This course examines how borders are created in a postcolonial context, in post-conflict societies and in our globalized world. We will work with the framework of critical border studies, an interdisciplinary field that has emerged at the intersection of political geography, literary studies, gender, race and migration studies. Borders can take the form of concrete physical divisions as well as ideological and imaginary, though no less established, boundaries. We will explore the existence of such borders as they are represented in a variety of novels, short stories and poetry in addition to non-fiction, with the aim of interrogating the function and dysfunction of border aesthetics. In addition, we will seek to question how such borders are created, dismantled, reimagined and transgressed, and the role that migration, both forced and voluntary, plays in the eradication of borders and the development of transcultural or transnational communities. Our geographical and historical focus will include the partitions of India, Ireland and Palestine, Apartheid in South Africa, and the US-Mexico border.

Required texts include:
Notes from the Middle World by Breyten Breytenbach (2009)
Sizwe Bansi is Dead by Athol Fugard (1972)
Signs Preceding the End of the World by Yuri Herrera (2009)
The Shadow Lines by Amitav Ghosh (1988)
"The Wall Reader" by Fiona Barr (1979)

Popular Culture and the Invention of Ireland
G. Kelly

Popular Culture and the Invention of Ireland. What is “Ireland”? If we assume it’s a discursive object, created by discourses and practices carried out by people for different reasons we can look at popular culture and the ways it has invented “Ireland” and still does. From your friendly local Irish pub in almost any place in the world (serving chilled Guinness!) to bestselling popular romances written by an expatriate American with an assumed Welsh name, from Bloomsday to the National Leprechaun Museum (book in advance!), from the execution yard at Kilmainham Prison (a favourite with tourists) to “folk villages” scattered across the Emerald Isle, from American uses of “Irish” heritage as a tacit assertion of whiteness (“the Irish in us”) to the martyr murals on house walls in Belfast, and many stranger places in between, popular culture, commercialized “Ireland,” and, yes, even academia-as-popularized-culture has a role. Explore.

JRR Tolkien's Lord of the Rings
T. Wharton

 Few if any modern works of fiction have had a more significant impact on popular culture and reading tastes than The Lord of the Rings. More than sixty years after its original publication, J.R.R. Tolkien’s epic fantasy continues to attract legions of devoted readers, and has spawned a global media and merchandising industry, along with entire subcultures dedicated to Tolkien-inspired fan fiction, role-playing, games, art, and tourism. This course offers a close reading of the trilogy, as well as selected excerpts from The Silmarillion and The Hobbit, to consider the novel in the context of Tolkien's larger Legendarium. We will also address ways in which the book’s themes continue to resonate with contemporary issues such as addiction, ethnic conflict, and environmental destruction.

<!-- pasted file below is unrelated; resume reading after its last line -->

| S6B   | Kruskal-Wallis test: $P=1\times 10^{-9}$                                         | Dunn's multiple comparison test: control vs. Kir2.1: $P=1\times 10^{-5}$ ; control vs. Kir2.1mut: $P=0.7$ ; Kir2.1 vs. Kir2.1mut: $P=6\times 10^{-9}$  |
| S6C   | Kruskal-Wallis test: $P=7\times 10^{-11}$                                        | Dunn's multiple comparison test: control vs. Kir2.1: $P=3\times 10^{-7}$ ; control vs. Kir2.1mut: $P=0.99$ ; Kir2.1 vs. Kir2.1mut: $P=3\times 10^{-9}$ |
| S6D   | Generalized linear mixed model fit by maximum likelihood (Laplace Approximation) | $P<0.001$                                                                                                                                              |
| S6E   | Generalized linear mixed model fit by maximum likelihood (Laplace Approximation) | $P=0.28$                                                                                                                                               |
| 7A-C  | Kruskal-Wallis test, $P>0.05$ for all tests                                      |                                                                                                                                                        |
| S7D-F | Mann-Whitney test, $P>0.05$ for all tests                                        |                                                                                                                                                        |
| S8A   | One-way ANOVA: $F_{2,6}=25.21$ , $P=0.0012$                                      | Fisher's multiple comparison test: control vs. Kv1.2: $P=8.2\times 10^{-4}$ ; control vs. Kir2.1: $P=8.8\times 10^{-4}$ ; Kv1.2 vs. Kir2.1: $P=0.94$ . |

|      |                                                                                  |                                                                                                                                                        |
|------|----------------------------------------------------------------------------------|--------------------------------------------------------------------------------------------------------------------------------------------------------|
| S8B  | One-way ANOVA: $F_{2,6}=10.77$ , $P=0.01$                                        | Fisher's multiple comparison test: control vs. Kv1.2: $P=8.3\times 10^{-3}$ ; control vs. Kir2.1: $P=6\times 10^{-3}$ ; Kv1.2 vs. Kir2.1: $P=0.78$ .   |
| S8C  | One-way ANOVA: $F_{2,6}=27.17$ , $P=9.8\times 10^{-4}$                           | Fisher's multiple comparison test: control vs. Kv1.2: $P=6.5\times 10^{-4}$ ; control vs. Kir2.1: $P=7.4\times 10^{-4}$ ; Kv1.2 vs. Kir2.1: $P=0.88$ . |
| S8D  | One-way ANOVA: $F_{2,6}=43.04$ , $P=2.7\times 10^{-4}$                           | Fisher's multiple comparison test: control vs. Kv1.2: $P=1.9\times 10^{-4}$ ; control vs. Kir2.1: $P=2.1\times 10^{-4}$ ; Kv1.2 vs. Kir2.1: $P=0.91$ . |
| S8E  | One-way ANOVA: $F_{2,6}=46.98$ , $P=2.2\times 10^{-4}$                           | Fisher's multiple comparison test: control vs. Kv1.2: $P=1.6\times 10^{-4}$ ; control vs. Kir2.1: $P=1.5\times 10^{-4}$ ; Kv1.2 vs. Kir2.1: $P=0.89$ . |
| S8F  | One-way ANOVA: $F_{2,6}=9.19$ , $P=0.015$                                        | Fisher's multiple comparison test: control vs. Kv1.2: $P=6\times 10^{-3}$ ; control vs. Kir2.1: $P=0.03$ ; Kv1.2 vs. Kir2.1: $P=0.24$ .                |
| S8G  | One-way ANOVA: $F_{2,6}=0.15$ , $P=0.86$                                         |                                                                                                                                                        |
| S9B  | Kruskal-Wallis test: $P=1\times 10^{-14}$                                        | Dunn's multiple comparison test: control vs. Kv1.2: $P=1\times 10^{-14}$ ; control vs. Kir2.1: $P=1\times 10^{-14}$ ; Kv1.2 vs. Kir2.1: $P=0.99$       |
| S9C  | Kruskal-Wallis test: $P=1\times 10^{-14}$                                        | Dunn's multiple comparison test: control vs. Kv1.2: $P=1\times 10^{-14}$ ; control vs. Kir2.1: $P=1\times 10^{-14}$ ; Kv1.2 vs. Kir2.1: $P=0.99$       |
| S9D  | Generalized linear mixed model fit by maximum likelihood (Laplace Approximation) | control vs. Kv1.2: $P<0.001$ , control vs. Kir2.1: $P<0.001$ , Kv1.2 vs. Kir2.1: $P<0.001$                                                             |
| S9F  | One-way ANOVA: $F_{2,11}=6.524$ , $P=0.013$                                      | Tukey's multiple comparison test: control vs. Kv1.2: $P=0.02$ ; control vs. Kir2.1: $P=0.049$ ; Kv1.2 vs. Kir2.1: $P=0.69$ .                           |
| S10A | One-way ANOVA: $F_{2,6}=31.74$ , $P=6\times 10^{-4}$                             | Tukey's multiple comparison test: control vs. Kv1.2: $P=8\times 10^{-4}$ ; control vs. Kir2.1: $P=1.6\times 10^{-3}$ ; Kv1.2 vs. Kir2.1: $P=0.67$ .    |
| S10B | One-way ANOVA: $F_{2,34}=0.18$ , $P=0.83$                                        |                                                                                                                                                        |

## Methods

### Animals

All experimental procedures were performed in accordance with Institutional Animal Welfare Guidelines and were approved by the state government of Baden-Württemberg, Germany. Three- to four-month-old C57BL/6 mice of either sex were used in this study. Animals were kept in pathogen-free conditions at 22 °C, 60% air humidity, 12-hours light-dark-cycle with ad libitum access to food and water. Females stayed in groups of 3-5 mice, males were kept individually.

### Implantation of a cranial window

This is not an introduction to the novel; it is assumed that participants will have read The Lord of the Rings prior to the course.

Primary text:
Tolkien, J.R.R.  The Lord of the Rings. HarperCollins one-volume edition, 2005.

Recommended reading:
J.R.R. Tolkien’s other major published fiction set in Middle-Earth: 
The Hobbit and The Silmarillion
Christopher Tolkien’s The History of Middle-Earth series

Winter 2024

Victorian Projections of the Self
P. Sinnema

This course takes up a few central “statements” about the individual as a construct—of narrative fiction (i.e. the first-person voice/perspective typical of the bildungsroman), of scientific debate (evolutionary, legal, and psychological investigation), of the emergent self-help industry—in order to investigate how the self was conceptualized (written, positioned, dissected) and subjected (to juridical, state, satirical, etc. apparatuses and practices, but also made into a semi-autonomous being, an agential subject) in Victorian Britain. The idea of the self serves only as a potential touchstone for our approach to these disparate texts; students are encouraged to develop and refine their own interpretive interests, and to have Villette read for the start of class. 


Charlotte Brontë, Villette (1853)—Broadview 
Samuel Smiles, Self-Help (1859)—Oxford World’s Classics 
John Stuart Mill, On Liberty (1859)—Broadview 
Charles Dickens, Great Expectations (1861)—Broadview 
Francis Galton, Hereditary Genius (1869)—Cosimo Classics 
Charles Darwin, The Descent of Man, and Selection in Relation to Sex (1871)—Prometheus

Prose of the Romantic Period: Revolution, Radicalism, and Reaction
L. Robertson

Romanticism in the British context is often approached primarily through poetry. In this course we will instead concentrate on prose written in Britain from the 1790s to the 1820s, both fiction and nonfiction, including a range of genres and modes, such as historical fiction, letters, essays, autobiography, and the gothic. The texts we will study reflect the anxieties and the possibilities of this revolutionary period of European history, engaging with such topics as politics, revolution, social injustice, gender, class, drugs and addiction, violence, rebellion, the natural world, and the nature and purpose of art. Our reading list will include work by Edmund Burke, Mary Wollstonecraft, Hannah More, William Wordsworth, Percy Bysshe Shelley, Matthew Lewis, Walter Scott, Thomas De Quincey, and Mary Shelley.